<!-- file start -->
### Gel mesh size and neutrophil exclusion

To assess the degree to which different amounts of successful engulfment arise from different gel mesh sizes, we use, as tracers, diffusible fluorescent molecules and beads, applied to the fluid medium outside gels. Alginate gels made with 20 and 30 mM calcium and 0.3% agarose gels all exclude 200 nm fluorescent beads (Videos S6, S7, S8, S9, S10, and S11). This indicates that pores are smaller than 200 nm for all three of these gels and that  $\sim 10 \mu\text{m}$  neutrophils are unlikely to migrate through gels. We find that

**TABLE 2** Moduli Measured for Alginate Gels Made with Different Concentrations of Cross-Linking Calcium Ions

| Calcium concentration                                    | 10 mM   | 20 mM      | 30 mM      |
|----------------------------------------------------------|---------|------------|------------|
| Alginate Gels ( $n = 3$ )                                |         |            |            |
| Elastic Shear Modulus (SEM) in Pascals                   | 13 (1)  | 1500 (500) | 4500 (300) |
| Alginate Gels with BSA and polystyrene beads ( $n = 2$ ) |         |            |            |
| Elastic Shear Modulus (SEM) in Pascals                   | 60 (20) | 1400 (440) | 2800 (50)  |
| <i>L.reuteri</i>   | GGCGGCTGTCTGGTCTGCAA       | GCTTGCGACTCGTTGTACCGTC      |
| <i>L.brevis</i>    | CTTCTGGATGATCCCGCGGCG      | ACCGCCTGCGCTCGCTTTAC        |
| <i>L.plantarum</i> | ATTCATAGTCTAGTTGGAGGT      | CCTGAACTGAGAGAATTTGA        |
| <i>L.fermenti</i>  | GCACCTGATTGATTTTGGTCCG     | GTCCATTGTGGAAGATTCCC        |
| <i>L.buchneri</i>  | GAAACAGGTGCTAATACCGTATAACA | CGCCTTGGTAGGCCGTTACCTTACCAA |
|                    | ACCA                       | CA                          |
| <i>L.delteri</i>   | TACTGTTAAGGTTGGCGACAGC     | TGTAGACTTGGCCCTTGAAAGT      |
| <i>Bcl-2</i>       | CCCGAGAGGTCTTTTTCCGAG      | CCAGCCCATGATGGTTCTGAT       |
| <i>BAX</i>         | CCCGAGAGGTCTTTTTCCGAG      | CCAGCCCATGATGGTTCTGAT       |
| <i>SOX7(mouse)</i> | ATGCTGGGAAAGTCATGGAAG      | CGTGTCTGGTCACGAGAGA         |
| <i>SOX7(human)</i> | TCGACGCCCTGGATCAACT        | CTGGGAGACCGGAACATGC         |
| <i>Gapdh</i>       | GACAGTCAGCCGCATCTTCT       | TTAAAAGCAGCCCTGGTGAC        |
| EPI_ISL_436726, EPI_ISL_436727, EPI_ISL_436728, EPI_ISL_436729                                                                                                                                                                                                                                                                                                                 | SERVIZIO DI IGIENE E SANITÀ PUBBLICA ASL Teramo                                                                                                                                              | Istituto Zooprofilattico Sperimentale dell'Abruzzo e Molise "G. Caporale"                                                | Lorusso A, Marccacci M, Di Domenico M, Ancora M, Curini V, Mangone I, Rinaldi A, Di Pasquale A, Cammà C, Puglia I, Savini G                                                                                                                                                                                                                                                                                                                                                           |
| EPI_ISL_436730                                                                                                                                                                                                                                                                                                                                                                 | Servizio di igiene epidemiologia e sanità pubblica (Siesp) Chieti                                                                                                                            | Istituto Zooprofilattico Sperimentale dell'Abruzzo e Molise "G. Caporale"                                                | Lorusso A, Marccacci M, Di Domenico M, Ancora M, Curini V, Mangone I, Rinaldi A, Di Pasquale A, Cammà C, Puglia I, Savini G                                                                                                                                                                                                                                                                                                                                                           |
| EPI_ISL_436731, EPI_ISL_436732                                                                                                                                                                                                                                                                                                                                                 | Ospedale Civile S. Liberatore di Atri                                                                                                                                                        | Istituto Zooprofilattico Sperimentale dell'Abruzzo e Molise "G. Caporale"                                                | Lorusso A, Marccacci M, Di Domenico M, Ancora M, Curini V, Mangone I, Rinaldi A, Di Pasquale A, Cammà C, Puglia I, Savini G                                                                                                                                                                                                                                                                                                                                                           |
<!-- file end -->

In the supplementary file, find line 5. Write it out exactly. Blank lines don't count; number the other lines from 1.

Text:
|----------------------------------------------------------|---------|------------|------------|